Scientists Discover "Giant Dwarf" Bushbaby

Scientists have found the jumbo shrimp of the primate world: a new bushbaby species best described as a “giant dwarf.” The researchers described the new bushbaby in the American Journal of Physical Anthropology.

Bushbabies, also known as galagos, are nocturnal, delightfully weird little primates that live in the forests of Africa. They’ve got huge ears, massive eyes, and long, bony fingers, and they communicate via eerie, infant-like screams in the night (hence the name).

It’s these shrill cries that help scientists track them down. Like birds, each species has its own distinctive call. So when scientists in Angola’s Kumbira Forest heard the characteristic crescendo call used by tiny Galagoides thomasi and Gd. demidovii, they expected the call’s creator to be tiny, too. Instead, they found a whopper.

“We were struck by its remarkably large size,” lead author Magdalena Svensson, of Oxford Brookes University, said in a statement. “Until now call types have been the most reliable way to distinguish galago species, and to find one that did not match what we expected was very exciting.”

Now, “remarkably large” for a dwarf galago is still pretty petite; the adults Svensson and her colleagues found averaged between 6 and 8 inches long from head to rear. But compared to their minuscule cousins, the new animals were massive.

Modern scientists typically rely on DNA testing to determine if a newly discovered animal represents a new species or not. In the case of the giant dwarf bushbaby, the researchers didn’t have to. The evidence was right in front of them.

Co-author Anna Nekaris, also of Oxford Brookes, said the giant dwarf’s big body and crescendo call represent “really a whole new kind of bushbaby.”

“We have been seeing this emerging diversity in Madagascar over the last two decades,” she said in the statement, “yet the nocturnal species of Africa and Asia remain still comparatively unexplored, and this giant dwarf galago is just the tip of the iceberg in new discoveries."

All images courtesy of Elena Bersacola

Martin Wittfooth
The Cat Art Show Is Coming Back to Los Angeles in June
Martin Wittfooth
Martin Wittfooth

After dazzling cat and art lovers alike in 2014 and again in 2016, the Cat Art Show is ready to land in Los Angeles for a third time. The June exhibition, dubbed Cat Art Show 3: The Sequel Returns Again, will feature feline-centric works from such artists as Mark Ryden, Ellen von Unwerth, and Marion Peck.

Like past shows, this one will explore cats through a variety of themes and media. “The enigmatic feline has been a source of artistic inspiration for thousands of years,” the show's creator and curator Susan Michals said in a press release. “One moment they can be a best friend, the next, an antagonist. They are the perfect subject matter, and works of art, all by themselves.”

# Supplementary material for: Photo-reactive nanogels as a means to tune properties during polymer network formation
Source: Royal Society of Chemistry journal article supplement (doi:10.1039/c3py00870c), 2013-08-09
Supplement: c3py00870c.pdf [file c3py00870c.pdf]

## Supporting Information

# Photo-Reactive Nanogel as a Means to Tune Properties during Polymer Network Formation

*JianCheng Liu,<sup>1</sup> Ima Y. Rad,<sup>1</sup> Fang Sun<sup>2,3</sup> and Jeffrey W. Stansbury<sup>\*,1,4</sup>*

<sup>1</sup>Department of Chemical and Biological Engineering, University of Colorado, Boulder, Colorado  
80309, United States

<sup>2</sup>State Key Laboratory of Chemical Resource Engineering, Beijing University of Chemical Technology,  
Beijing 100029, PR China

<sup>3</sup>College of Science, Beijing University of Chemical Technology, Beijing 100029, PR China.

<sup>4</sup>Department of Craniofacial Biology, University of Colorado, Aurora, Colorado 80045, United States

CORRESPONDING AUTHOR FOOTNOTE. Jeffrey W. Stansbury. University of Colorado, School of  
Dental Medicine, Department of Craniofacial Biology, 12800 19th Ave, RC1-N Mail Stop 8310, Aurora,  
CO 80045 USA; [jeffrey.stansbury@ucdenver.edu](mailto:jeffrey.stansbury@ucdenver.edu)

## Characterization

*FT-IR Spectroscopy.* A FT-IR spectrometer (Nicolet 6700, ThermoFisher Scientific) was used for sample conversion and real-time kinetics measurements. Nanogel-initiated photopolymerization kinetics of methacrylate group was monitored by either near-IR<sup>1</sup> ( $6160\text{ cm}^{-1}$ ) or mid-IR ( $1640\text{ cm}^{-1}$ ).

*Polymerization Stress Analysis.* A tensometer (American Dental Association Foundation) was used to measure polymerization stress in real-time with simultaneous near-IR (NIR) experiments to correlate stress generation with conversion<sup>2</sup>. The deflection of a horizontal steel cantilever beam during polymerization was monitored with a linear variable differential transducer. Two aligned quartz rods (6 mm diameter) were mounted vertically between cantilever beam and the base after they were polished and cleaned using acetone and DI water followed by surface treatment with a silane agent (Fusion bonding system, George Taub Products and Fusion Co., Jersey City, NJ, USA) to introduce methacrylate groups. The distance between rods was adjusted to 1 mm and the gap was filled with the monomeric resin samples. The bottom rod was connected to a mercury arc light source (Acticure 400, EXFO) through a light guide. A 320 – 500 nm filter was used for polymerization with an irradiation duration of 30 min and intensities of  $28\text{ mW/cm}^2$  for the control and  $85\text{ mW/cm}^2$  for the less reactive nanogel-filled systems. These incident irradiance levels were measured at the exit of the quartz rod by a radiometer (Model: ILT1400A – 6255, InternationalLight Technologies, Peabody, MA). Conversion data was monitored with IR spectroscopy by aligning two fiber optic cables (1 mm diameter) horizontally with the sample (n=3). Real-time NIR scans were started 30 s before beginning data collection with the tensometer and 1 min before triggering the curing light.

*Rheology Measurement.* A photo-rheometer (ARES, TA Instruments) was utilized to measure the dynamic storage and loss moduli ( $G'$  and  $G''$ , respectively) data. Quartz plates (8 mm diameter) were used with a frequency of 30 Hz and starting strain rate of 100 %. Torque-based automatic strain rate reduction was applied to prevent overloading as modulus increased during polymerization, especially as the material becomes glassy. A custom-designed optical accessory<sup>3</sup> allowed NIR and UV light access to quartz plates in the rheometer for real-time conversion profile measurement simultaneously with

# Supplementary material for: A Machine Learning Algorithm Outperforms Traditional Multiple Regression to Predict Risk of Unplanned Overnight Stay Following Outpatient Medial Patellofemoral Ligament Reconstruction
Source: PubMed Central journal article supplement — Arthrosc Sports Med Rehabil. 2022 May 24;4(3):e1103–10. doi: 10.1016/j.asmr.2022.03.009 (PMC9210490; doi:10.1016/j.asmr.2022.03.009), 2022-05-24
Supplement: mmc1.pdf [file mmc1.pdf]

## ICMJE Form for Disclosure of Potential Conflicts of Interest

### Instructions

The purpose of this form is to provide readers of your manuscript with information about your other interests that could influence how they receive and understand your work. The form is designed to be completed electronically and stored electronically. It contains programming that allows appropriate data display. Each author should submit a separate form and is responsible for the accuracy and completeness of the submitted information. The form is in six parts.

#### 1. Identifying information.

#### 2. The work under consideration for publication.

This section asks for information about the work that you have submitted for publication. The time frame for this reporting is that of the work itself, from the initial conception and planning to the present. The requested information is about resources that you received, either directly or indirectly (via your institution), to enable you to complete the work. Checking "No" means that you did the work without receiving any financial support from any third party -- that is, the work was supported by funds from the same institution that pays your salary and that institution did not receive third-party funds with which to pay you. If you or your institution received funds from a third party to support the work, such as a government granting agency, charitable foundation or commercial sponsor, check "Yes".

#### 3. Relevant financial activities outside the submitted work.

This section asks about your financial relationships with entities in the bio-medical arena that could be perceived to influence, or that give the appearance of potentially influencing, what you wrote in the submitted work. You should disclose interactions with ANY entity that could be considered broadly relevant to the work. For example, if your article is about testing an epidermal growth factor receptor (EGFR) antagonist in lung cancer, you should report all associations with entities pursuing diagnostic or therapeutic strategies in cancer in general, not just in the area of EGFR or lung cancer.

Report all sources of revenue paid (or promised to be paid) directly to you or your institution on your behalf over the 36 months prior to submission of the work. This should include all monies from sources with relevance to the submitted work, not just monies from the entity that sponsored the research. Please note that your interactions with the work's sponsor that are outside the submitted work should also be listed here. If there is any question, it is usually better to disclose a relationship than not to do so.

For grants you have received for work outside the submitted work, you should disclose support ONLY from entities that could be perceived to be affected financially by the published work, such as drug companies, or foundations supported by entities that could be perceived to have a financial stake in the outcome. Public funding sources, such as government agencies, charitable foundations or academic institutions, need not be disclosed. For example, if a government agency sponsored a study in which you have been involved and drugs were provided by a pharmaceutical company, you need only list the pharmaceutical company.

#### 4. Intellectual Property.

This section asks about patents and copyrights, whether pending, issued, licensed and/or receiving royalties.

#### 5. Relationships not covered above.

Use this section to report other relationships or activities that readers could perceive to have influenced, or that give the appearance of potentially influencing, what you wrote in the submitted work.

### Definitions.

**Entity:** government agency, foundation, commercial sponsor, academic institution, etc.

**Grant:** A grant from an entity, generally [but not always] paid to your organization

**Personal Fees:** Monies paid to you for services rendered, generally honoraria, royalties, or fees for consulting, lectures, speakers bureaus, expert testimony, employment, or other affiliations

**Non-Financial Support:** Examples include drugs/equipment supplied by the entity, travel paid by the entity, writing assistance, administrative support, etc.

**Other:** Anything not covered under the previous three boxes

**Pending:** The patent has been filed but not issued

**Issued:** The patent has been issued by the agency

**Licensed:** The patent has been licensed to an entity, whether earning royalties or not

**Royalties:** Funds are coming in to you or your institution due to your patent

While some artists have chosen straightforward interpretations of the starring subject, others are using cats as a springboard into topics like gender, politics, and social media. The sculpture, paintings, and photographs on display will be available to purchase, with prices ranging from $300 to $150,000.

Over 9000 visitors are expected to stop into the Think Tank Gallery in Los Angeles during the show's run from June 14 to June 24. Tickets to the show normally cost $5, with a portion of the proceeds benefiting a cat charity, and admission will be free for everyone on Wednesday, June 20. Check out a few of the works below.

Man in Garfield mask holding cat.
Tiffany Sage

Painting of kitten.
Brandi Milne

Art work of cat in tree.
Kathy Taselitz

Painting of white cat.
Rose Freymuth-Frazier

A cat with no eyes.
Rich Hardcastle

Painting of a cat on a stool.
Vanessa Stockard

Sculpture of pink cat.
Scott Hove

Painting of cat.
Yael Hoenig
Tony Karumba, AFP/Getty Images
How a Pregnant Rhino Named Victoria Could Save an Entire Subspecies
Sudan, the last male member of the northern white rhino subspecies, while being shipped to Kenya in 2009
Sudan, the last male member of the northern white rhino subspecies, while being shipped to Kenya in 2009
Tony Karumba, AFP/Getty Images

The last male northern white rhino died at a conservancy in Kenya earlier this year, prompting fears that the subspecies was finally done for after decades of heavy poaching. Scientists say there's still hope, though, and they're banking on a pregnant rhino named Victoria at the San Diego Zoo, according to the Associated Press.

Victoria is actually a southern white rhino, but the two subspecies are related. Only two northern white rhinos survive, but neither of the females in Kenya are able to reproduce. Victoria was successfully impregnated through artificial insemination, and if she successfully carries her calf to term in 16 to 18 months, scientists say she might be able to serve as a surrogate mother and propagate the northern white rhino species.

But how would that work if no male northern rhinos survive? As the AP explains, scientists are working to recreate northern white rhino embryos using genetic technology. The San Diego Zoo Institute for Conservation Research has the frozen cell lines of 12 different northern white rhinos, which can be transformed into stem cells—and ultimately, sperm and eggs. The sperm of the last northern white male rhino, Sudan, was also saved before he died.

Scientists have been monitoring six female southern white rhinos at the San Diego Zoo to see if any emerge as likely candidates for surrogacy. However, it's not easy to artificially inseminate a rhino, and there have been few successful births in the past. There's still a fighting chance, though, and scientists ultimately hope they'll be able to build up a herd of five to 15 northern white rhinos over the next few decades.

[h/t Time Magazine]


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